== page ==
A confined triangle, perhaps fifty miles its greatest length, and thirty its greatest breadth; two elevated rocky barriers meeting at an angle; three prominent mountains, commanding the plain,-Parnes, Pentelicus, and Hymettus; an unsatisfactory soil; some streams, not always full;— such is about the report which the agent of a London company would have made of Attica. He would report that the climate was mild, the hills were limestone; there was plenty of good marble; more pasture land than at first survey might have been expected, sufficient certainly for sheep and goats; fisheries productive; silver mines once, but long since worked out; figs fair; oil first-rate; olives in profusion. But what he would not think of noting down was, that that olive tree was so choice in nature and so noble in shape, that it excited a religious veneration, and that it took so kindly to the light soil, as to expand into woods upon the open plain, and to climb up and fringe the hills. He would not think of writing word to his employer, how that clear air, of which I have spoken, brought out, yet blended and subdued, the colours on the marble, till they had a softness and harmony, for all their richness, which in a picture looks exaggerated, yet is after all within the truth. He would not tell how that same delicate and brilliant atmosphere freshened up the pale olive, until the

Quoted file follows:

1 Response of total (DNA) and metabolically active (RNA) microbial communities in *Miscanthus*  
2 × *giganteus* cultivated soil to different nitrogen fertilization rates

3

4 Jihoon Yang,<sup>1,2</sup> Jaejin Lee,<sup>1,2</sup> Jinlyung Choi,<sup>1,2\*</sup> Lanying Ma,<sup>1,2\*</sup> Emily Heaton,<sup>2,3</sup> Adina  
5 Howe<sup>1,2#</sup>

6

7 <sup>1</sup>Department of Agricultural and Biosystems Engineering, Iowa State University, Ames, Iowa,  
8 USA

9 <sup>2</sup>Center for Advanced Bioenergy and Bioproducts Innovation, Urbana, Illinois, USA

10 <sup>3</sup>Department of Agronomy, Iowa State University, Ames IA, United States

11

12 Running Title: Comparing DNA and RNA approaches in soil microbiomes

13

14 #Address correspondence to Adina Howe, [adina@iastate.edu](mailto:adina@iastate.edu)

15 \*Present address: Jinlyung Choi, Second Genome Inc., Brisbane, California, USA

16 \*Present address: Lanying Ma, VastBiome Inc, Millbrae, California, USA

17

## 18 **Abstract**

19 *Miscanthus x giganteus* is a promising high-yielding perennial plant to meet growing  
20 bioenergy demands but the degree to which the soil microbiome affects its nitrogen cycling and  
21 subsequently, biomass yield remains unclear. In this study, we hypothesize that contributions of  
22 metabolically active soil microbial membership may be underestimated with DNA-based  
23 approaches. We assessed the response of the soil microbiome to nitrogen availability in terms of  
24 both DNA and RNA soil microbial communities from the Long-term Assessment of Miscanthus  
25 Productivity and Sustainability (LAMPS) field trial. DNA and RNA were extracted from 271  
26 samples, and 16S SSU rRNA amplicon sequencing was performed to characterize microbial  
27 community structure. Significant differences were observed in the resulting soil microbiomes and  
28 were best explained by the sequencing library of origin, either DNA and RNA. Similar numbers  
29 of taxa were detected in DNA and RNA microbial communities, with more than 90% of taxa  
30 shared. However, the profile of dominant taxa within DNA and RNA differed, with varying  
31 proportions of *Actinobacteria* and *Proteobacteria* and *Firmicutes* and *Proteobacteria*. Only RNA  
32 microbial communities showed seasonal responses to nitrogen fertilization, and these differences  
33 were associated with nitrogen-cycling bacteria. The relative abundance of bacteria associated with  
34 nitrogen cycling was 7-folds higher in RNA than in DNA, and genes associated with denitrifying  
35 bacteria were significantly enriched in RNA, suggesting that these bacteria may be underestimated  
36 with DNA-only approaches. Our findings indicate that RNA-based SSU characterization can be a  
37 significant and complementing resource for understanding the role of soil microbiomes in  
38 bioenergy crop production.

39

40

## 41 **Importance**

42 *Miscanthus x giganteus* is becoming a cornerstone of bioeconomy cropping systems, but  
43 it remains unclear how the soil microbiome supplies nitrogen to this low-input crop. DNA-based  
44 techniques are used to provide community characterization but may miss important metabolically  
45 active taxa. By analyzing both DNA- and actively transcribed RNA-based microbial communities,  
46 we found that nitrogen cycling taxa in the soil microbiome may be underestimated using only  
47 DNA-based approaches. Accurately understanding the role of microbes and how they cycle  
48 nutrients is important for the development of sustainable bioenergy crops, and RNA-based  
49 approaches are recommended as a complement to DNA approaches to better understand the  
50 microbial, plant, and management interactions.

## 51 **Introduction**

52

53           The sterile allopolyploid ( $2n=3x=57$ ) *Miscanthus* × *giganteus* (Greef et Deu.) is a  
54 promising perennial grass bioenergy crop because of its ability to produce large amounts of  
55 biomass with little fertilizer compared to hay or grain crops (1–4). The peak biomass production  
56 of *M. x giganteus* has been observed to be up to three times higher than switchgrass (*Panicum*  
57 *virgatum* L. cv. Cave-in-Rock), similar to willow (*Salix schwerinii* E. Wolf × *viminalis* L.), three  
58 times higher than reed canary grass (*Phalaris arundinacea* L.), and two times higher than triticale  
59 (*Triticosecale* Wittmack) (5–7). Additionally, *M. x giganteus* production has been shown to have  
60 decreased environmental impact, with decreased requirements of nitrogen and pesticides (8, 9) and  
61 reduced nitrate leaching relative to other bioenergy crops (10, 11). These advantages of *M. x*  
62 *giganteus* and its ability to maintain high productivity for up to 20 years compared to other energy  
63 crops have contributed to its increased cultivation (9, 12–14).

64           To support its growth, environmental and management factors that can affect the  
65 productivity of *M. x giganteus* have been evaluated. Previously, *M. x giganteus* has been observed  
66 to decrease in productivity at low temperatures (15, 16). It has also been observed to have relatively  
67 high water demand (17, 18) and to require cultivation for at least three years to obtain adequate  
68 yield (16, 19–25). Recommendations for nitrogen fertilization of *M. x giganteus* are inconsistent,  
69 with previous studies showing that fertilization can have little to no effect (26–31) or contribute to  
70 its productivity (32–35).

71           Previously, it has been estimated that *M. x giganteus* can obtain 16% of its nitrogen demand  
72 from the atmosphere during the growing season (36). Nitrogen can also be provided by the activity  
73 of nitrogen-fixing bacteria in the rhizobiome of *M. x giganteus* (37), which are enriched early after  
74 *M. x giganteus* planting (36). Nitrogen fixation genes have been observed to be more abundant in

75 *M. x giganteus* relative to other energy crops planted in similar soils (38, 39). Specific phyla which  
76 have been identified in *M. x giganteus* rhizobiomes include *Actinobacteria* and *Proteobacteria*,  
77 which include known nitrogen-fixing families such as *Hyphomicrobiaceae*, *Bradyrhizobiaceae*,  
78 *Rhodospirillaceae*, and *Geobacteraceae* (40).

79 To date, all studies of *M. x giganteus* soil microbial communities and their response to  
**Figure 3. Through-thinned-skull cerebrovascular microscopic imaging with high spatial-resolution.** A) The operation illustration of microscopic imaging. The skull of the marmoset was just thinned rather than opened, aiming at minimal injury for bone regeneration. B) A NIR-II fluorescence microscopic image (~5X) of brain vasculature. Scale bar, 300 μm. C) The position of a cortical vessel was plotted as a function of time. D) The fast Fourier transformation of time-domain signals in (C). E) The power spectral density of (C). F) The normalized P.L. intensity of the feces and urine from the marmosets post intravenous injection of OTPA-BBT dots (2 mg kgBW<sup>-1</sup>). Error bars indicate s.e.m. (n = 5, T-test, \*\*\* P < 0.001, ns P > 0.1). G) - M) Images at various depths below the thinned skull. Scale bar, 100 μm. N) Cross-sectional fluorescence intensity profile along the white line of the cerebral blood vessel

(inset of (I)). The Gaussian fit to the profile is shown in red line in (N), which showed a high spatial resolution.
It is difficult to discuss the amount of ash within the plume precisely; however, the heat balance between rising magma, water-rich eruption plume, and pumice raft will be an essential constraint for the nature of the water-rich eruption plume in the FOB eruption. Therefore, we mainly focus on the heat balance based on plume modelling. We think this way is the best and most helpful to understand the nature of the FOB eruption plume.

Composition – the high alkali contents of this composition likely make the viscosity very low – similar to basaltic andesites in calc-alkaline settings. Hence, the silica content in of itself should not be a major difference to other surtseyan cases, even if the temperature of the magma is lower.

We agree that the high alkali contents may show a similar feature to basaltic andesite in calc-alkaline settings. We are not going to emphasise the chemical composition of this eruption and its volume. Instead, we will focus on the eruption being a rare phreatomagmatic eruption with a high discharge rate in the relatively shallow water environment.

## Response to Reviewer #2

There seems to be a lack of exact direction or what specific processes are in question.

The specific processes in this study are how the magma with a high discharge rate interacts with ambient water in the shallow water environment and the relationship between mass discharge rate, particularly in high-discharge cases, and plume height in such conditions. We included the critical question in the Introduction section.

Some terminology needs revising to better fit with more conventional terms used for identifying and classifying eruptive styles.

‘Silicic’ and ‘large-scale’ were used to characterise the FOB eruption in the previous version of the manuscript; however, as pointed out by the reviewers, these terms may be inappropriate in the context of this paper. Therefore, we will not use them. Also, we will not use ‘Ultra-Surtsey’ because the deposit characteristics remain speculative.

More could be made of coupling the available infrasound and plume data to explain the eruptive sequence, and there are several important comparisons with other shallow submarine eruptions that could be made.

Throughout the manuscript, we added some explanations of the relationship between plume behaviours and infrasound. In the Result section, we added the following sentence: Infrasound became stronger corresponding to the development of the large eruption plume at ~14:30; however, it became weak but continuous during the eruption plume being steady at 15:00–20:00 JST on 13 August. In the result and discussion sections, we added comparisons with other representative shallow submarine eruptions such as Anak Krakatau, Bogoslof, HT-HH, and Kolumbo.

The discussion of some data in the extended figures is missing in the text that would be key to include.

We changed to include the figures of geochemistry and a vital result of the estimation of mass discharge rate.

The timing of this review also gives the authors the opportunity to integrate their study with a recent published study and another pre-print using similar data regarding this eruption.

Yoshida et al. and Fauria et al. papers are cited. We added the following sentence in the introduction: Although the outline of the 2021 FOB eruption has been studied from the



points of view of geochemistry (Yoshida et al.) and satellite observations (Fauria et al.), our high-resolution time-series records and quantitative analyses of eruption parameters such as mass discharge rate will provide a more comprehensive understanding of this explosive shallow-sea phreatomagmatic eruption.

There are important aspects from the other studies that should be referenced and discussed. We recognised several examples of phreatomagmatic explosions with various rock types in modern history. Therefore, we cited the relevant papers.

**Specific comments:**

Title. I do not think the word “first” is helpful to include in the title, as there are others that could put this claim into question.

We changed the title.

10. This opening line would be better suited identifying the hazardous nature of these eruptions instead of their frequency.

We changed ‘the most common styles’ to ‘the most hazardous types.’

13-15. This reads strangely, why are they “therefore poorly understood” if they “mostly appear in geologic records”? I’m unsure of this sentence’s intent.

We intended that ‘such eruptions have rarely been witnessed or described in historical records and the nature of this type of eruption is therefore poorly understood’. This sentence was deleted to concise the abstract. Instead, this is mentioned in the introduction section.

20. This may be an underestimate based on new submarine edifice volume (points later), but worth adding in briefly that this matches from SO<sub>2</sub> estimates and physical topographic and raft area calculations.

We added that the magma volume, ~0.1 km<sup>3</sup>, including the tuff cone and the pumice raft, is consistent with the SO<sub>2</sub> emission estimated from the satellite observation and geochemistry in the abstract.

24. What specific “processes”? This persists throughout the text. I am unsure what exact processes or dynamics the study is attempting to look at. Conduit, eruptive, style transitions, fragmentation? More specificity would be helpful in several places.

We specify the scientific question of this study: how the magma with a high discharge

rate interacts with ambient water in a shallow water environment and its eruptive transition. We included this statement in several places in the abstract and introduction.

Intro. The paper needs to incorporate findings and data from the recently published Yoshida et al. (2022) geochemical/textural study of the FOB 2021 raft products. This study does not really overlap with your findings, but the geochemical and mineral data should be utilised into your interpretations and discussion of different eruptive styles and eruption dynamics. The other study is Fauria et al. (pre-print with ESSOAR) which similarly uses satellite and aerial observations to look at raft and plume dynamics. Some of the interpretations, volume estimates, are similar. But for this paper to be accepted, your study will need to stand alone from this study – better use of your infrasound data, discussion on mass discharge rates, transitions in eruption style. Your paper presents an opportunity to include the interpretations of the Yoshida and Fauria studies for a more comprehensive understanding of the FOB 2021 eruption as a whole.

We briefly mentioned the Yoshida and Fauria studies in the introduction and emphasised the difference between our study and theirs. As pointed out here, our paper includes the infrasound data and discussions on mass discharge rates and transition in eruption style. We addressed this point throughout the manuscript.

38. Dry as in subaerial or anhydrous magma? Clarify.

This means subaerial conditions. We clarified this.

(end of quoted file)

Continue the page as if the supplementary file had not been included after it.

olive forgot its monotony, and its cheek glowed like the arbutus or beech of the Umbrian hills. He would say nothing of the thyme and thousand fragrant herbs which carpeted Hymettus; he would hear nothing of the hum of its bees, nor take much account of the rare flavour of its honey, since Sozo and Minorca were sufficient for the English demand. He would look over the Ægean from the height he had ascended; he would follow with his eye the chain of islands, which, starting from the Sunian headland, seemed to offer the fabled divinities of Attica, when they would visit their Ionian cousins, a sort of viaduct thereto across the sea; but that fancy would not occur to him, nor any admiration of the dark violet billows with their white edges down below; nor of those graceful, fanlike jets of silver upon the rocks, which slowly rise aloft like water spirits from the deep, then shiver and break, and spread, and shroud themselves, and' disappear, in a soft mist of foam; nor of the gentle, incessant heaving and panting of the whole liquid plain; nor of the long waves, keeping steady time, like a line of soldiery, as they resound upon the hollow shore-he would not deign to notice that restless living element at all, except to bless his stars that he was not upon it. Nor the distinct detail, nor the refined colouring, nor the graceful outline and roseate golden line of the jutting crags, nor the bold shadows cast from Otus or Laurium by the declining sun-our agent of a mercantile firm would not value these matters even at a low figure. Rather we must turn for the sympathy we seek to yon pilgrim student, come from a semi-barbarous land to that small corner of the earth, as to a shrine, where he might take his fill of gazing on those emblems and coruscations of invisible, unoriginate perfection. It was the stranger from a remote province, from Britain or from Mauritania, who in a scene so different from that of his